The simple but impressive Tomb of Adam is a huge square block of stone, which stands in a deep trench in front of the western face of Bet Golgotha. The ground floor of this hollowed-out block serves as the western entrance to the first group of churches, and the upper floor houses a hermit’s cell.
The group south of the Jordan River comprises four churches: Bet Amanuel, Bet Merkorios, Bet Abba Libanos, and Bet Gibriel-Rufa’el.
Bet Amanuel, the finest of the group, its elaborate exterior much praised art historians. Its walls imitate the alternate projecting and recessing walls of an Axumite building. The structure contains a large hall with four pillars, and its windows, which are irregularly placed, are also Axumite in style. A spiral staircase leads up to an upper storey. The most striking interior feature is the double frieze of blind windows in the vaulted nave, the lower frieze being purely ornamental and the upper one consisting of windows alternating with decorated areas. In the rock floor of the southern aisle a hole opens into a long, subterranean tunnel leading to neighboring Bet Merkorios.
Chambers and cavities for sacred bees in the outer wall of the courtyard are a reminder of the bees that prophesied kingship to Lalibela. Some of the chambers, however, are the graves of monks and pilgrims who wanted to be buried in this ‘holy city’. In this outer wall two further underground passages have been discovered leading to Bet Merkorios.
Bet Merkorios, partially collapsed and recently restored, is thought to have originally served a secular purpose —perhaps that of a house of justice, as amongst the secular objects found in recently excavated trenches were shackles for the ankles of prisoners. The Lalibela clergy only much later turned it into a The naked walls of Bet Merkorios were once covered with rich paintings on cotton fabrics, which were .J to the walls by a thick layer of ox blood, and straw.
Bet Abba Libanos, which is separated from the surrounding land on only three sides, is a structure of great charm and a good example of a cave church. It resembles Bet Amanuel in that its walls are chiseled in Axumite style.
It is suspected that Bet Gabriel-Rufa’el was also not originally intended to serve as a church, largely because of its disorientation and unusual plan. The labyrinthine floor plan features three angular halls with pillars and pilasters that are squeezed between two courtyards. The most impressive part of the church is the monumental façade. Although usually entered from the top of the rock near Bet Amanuel in the east by a small bridge of logs leading over the central trench, you may also approach from the east by a series of small tunnels, a gallery-like passage and another log bridge ten metres (33 feet) above the courtyard. From the north a path leads from the outer trench to a narrow chiseled-out ridge of rock called the ‘path to heaven’. This in turn leads up steeply to the roof of the church, although there is no entrance from this point.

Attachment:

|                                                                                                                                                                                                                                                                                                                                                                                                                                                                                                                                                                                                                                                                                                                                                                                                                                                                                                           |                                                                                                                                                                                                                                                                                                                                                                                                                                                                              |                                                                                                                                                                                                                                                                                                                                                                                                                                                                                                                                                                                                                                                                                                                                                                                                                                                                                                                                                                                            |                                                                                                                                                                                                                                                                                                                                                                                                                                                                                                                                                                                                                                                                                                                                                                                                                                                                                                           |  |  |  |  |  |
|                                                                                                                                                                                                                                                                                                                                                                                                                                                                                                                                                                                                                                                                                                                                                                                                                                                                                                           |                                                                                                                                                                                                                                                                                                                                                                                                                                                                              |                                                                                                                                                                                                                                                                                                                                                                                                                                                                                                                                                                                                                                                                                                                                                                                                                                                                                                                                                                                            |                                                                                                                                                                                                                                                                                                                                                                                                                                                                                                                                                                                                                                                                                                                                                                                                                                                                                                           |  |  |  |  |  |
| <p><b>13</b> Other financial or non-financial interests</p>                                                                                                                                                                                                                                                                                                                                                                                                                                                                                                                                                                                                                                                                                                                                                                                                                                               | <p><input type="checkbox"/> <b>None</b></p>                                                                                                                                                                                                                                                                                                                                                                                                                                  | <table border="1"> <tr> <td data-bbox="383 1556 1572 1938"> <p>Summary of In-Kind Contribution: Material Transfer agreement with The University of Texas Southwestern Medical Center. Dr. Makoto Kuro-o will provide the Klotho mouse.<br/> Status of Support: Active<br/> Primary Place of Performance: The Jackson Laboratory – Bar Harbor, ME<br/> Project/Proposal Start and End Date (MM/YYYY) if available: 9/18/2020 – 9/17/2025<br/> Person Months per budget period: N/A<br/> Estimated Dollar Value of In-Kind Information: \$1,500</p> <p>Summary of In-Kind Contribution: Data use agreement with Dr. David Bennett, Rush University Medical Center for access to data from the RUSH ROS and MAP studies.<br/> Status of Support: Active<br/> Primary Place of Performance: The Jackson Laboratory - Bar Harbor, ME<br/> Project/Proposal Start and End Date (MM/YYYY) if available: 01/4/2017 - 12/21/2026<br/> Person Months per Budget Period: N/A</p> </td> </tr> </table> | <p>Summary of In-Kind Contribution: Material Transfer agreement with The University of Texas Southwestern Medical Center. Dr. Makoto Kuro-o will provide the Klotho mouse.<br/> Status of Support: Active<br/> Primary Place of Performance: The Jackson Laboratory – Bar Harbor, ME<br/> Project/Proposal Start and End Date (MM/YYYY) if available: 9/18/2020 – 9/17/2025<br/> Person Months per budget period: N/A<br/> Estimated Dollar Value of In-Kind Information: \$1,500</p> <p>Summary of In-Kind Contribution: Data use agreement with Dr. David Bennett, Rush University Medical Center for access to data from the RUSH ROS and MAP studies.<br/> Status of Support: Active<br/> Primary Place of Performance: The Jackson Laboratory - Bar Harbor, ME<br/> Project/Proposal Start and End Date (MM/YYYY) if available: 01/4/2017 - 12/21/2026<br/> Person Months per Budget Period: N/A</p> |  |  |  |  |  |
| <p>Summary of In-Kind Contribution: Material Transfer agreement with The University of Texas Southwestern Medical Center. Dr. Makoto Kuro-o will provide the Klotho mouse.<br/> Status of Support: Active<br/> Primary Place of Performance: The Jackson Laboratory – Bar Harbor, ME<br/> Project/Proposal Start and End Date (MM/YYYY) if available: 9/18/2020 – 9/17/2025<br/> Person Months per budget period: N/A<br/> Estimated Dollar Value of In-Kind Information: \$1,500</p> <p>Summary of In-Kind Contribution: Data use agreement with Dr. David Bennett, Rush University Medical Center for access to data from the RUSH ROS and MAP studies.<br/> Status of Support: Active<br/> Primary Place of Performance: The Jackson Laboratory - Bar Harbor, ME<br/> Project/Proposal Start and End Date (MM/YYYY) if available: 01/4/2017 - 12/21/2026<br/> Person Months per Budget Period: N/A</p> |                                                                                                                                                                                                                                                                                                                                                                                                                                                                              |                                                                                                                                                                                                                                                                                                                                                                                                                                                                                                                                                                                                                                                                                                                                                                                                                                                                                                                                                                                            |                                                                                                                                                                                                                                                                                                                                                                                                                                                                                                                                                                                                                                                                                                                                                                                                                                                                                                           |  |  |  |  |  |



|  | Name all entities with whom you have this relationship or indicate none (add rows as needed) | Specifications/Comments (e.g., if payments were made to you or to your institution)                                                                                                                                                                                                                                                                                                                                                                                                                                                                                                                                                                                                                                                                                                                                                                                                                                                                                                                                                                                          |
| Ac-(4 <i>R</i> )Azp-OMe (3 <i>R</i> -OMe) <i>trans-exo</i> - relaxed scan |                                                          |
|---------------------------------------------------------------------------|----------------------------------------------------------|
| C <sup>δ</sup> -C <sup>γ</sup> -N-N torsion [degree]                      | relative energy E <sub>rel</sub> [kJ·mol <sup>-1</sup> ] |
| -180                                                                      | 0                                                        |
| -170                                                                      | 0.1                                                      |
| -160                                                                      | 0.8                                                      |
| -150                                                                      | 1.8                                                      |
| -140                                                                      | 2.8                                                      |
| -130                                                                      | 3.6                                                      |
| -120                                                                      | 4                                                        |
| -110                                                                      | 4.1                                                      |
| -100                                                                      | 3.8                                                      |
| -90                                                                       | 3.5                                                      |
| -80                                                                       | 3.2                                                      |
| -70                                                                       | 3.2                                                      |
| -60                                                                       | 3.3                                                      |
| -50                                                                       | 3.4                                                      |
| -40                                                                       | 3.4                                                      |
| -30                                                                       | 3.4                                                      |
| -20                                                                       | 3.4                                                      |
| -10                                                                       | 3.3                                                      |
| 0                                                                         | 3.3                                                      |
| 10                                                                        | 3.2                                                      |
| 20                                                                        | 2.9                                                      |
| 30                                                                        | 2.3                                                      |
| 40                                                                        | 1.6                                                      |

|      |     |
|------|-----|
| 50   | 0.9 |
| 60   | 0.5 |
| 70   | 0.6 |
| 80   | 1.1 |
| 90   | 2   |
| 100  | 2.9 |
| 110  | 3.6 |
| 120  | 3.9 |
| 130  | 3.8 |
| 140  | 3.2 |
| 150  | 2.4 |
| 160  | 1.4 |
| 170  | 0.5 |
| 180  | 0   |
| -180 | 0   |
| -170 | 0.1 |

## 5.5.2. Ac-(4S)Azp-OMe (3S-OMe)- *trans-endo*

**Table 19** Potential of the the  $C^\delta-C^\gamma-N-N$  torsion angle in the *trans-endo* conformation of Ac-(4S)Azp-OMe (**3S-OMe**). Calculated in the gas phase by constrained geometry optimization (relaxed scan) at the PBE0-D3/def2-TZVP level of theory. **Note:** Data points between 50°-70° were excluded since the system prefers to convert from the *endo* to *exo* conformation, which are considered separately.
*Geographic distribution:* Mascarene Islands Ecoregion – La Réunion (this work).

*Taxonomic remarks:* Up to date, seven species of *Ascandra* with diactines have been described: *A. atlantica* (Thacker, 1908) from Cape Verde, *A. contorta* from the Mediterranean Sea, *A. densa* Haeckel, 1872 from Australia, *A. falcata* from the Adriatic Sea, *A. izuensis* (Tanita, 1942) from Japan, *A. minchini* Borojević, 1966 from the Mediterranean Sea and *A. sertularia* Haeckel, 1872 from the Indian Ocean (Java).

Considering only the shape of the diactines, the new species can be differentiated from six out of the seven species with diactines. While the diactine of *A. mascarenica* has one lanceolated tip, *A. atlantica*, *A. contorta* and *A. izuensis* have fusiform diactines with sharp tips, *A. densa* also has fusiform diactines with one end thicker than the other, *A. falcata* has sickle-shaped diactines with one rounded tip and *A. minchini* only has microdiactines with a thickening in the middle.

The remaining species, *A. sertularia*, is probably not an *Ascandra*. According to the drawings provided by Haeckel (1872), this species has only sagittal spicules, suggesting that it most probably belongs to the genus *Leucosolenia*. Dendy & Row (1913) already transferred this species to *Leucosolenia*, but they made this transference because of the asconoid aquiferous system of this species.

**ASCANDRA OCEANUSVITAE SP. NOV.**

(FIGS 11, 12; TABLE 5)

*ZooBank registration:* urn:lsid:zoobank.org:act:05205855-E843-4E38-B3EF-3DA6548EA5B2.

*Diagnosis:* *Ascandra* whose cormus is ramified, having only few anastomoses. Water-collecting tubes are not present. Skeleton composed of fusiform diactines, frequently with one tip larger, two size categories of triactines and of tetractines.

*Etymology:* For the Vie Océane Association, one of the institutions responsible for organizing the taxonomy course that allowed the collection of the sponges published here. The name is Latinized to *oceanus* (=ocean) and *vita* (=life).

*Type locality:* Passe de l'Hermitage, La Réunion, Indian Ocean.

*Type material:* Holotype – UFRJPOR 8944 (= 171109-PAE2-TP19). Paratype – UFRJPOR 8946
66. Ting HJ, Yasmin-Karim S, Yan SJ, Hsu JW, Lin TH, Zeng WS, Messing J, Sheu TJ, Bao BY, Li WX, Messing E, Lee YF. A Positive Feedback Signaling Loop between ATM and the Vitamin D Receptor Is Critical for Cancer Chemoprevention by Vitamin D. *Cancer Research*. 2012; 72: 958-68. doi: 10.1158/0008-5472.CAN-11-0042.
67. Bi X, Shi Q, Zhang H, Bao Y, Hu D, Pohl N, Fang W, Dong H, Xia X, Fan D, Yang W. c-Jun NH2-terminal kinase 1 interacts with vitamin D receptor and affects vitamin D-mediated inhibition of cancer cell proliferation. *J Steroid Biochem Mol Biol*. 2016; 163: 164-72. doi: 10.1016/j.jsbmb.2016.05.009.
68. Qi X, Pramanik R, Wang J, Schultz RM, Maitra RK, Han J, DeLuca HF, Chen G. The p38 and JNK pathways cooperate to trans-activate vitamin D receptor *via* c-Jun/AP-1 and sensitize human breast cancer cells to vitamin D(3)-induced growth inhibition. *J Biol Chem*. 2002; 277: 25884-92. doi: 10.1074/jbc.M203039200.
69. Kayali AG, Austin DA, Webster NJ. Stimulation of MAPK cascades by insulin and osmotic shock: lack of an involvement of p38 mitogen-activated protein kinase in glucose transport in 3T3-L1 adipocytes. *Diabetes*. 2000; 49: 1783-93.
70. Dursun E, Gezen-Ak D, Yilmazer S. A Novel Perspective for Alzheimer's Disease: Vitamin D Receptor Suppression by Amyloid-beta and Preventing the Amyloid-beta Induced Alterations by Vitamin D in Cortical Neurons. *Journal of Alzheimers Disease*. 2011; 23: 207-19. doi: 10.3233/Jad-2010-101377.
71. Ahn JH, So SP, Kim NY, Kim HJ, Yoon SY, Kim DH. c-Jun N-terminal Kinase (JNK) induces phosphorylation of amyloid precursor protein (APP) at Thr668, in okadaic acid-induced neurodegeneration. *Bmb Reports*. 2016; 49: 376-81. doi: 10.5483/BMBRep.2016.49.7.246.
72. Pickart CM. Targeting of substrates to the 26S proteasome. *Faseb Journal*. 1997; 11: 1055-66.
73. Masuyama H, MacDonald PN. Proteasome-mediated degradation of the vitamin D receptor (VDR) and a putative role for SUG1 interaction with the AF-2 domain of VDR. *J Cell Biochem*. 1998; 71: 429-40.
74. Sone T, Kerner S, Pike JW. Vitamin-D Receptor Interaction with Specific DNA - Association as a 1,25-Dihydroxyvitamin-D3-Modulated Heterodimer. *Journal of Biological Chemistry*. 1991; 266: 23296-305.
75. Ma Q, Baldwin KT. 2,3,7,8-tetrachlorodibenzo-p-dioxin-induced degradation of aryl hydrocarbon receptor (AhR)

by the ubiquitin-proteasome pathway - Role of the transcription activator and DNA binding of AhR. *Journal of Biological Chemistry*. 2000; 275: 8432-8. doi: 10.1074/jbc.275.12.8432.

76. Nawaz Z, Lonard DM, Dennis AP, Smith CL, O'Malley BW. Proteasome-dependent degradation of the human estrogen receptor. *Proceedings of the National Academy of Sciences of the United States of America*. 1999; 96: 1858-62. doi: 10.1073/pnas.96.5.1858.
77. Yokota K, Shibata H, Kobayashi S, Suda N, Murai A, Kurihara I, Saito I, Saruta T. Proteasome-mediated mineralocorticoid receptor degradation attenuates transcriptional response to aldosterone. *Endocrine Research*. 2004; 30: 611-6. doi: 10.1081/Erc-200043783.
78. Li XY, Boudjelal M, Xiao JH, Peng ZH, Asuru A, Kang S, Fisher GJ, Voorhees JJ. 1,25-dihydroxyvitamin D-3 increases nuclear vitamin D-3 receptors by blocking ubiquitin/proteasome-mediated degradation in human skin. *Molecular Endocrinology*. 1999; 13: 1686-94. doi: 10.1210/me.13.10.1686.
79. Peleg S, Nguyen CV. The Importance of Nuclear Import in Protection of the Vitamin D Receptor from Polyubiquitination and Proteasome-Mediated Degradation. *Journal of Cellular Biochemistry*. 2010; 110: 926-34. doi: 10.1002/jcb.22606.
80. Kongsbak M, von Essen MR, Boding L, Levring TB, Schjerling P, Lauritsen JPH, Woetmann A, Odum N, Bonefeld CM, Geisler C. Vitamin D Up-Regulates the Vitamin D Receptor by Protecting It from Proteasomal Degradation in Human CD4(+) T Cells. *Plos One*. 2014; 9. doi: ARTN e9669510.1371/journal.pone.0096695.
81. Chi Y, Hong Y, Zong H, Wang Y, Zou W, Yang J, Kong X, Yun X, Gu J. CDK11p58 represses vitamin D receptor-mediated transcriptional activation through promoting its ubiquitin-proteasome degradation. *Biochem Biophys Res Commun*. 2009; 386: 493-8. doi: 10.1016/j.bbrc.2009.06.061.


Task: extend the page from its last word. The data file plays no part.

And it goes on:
Also to the north of the Jordan, but much further to the west, and somewhat isolated from the others, is the remarkable church of Bet Giyorgis , possibly the most elegant of all the Lalibela structures. It is located in the south-west of the village on a sloping rock terrace. In a deep pit with perpendicular walls, it can only be reached through a tunnel, which is entered from Some distance away through a trench.
Legend says that when King Lalibela had almost completed his churches, he was severely reproached by Saint George —who in full armor rode up to him on his white horse — for not having constructed a house for him. Lalibela thereupon promised the saint the most beautiful church, and Saint George apparently supervised the execution of the works in person, as attested by the fact that the monks today still show the hoof marks of his horse to visitors.
Standing on a three-tiered plinth, Bet Giyorgis is shaped in the form of a Greek cross, and has walls reminiscent of Axumite architecture. The church also has an elaborately shaped doorway.
There are several other rock churches within a day’s journey of Lalibela. Keep in mind that access to them often requires long walks and stiff climbs or rides by mule. They include Yemrehanna Krestos, six hours by foot and mule to the northeast of Lalibela, a remarkably beautiful structure built (not excavated) in typical Axumite style within a cave; Arbatu Entzessa, southwest of Yemrehanna Krestos and detached from the rock on only two sides; Bilbila Giyorgis, west of Arbatu Entzessa, only the façade of which is visible; and Sarsana Mika’el, which is detached on three sides. Also of interest is the church of Ashetan Maryam, located in the mountain high above the town, with an impressive view of the surrounding countryside, Na’akuto La’ab, a veritable jewel of a church built in a cave and Ukre Mestale Christos near Sekota, where the mummified remains of several wag-shums — former rulers of Wollo — are to be found.
After visiting the churches, many visitors have written praise to this unique wonder of the world. Alvarez, the first European to visit Lalibela in 1520 wrote
”I swear by God, in his power I am, that all that is written is the truth and there is much more than I have already written, and I have left it that they may not tax me with its being false hood.”
This type of churches is not found elsewhere in the world. With their amazing intricacy, and with some of the churches hewn out of one block of rock, even Ethiopians get overwhelmed at the sight, even though there are more than 400 rock hewn churches built before and after Lalibela especially in the northern part of the country. But the Lalibela churches are truly unique.
In the carving of the 11 rock hewn churches St. Lalibela is often thought to have had some supernatural force helping him. Otherwise, who could he have managed to make the dream come true? There was no slave labour in Ethiopia and there were no skilled crafts men either. So, who did help him with all that construction? If we assume that foreigners helped him, why is there no evidence of such help and why are the churches unique to Lalibela? Series of questions can be raised but their answers are not easy to find.
Courtesy: Spectrum Guide To Ethiopia, CAMERIAPIX